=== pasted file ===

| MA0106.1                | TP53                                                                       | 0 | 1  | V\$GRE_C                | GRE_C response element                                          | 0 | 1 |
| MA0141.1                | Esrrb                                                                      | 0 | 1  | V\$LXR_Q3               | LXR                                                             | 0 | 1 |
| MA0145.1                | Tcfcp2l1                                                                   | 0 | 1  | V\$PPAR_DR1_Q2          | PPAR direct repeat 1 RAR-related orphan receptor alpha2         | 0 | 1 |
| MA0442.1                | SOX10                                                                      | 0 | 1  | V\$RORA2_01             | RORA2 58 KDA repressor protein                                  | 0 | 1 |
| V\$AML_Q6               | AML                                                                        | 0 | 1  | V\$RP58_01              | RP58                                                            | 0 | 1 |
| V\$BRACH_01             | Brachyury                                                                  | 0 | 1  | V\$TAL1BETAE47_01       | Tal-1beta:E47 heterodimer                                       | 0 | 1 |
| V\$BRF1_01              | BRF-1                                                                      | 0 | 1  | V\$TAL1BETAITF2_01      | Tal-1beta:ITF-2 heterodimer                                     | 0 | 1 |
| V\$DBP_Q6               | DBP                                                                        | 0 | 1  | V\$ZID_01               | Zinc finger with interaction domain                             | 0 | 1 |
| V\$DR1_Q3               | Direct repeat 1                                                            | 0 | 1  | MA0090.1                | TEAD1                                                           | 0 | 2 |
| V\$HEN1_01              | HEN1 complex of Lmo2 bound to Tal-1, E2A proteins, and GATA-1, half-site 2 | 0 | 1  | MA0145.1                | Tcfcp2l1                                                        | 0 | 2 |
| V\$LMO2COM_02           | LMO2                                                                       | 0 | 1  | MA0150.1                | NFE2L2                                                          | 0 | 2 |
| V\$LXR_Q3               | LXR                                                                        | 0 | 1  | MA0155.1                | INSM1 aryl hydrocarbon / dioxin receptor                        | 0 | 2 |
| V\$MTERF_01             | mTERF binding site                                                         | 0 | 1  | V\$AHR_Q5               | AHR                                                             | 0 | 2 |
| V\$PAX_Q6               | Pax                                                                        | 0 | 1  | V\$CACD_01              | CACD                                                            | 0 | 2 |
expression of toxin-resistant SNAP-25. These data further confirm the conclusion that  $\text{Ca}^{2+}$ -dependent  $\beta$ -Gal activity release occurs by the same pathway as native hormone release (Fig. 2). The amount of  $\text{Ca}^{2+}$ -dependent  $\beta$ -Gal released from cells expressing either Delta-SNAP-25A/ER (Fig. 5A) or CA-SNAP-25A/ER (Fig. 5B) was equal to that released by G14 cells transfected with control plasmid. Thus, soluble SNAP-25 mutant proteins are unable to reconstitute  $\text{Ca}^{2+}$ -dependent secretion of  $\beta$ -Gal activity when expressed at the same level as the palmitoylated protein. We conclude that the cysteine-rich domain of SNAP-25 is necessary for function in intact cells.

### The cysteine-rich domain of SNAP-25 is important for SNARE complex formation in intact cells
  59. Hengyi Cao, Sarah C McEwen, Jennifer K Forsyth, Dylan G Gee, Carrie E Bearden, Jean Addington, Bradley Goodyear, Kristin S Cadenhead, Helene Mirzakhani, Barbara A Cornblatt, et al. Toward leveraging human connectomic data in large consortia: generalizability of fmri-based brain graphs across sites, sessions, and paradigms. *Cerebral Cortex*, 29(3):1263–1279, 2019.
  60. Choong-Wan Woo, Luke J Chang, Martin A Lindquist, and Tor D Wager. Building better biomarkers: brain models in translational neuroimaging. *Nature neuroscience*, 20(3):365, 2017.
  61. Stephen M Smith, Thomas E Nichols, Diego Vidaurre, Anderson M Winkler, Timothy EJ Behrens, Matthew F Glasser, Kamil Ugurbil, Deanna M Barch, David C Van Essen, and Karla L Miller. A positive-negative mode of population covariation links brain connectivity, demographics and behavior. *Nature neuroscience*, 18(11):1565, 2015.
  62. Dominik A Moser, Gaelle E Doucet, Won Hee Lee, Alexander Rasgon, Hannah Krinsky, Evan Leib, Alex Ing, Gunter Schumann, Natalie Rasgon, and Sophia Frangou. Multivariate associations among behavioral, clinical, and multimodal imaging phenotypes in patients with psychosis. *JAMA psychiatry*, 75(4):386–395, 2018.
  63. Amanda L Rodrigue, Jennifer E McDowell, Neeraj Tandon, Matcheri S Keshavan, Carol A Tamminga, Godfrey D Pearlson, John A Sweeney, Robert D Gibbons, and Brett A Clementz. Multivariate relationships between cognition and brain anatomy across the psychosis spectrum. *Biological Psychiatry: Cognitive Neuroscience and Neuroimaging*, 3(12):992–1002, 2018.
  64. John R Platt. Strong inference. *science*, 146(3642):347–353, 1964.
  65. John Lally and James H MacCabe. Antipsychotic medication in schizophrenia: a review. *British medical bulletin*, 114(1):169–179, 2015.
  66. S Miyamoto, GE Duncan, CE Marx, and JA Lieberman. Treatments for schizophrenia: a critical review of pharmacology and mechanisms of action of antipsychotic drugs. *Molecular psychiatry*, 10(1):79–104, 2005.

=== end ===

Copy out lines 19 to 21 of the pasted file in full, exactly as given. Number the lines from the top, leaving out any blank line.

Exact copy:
  61. Stephen M Smith, Thomas E Nichols, Diego Vidaurre, Anderson M Winkler, Timothy EJ Behrens, Matthew F Glasser, Kamil Ugurbil, Deanna M Barch, David C Van Essen, and Karla L Miller. A positive-negative mode of population covariation links brain connectivity, demographics and behavior. *Nature neuroscience*, 18(11):1565, 2015.
  62. Dominik A Moser, Gaelle E Doucet, Won Hee Lee, Alexander Rasgon, Hannah Krinsky, Evan Leib, Alex Ing, Gunter Schumann, Natalie Rasgon, and Sophia Frangou. Multivariate associations among behavioral, clinical, and multimodal imaging phenotypes in patients with psychosis. *JAMA psychiatry*, 75(4):386–395, 2018.
  63. Amanda L Rodrigue, Jennifer E McDowell, Neeraj Tandon, Matcheri S Keshavan, Carol A Tamminga, Godfrey D Pearlson, John A Sweeney, Robert D Gibbons, and Brett A Clementz. Multivariate relationships between cognition and brain anatomy across the psychosis spectrum. *Biological Psychiatry: Cognitive Neuroscience and Neuroimaging*, 3(12):992–1002, 2018.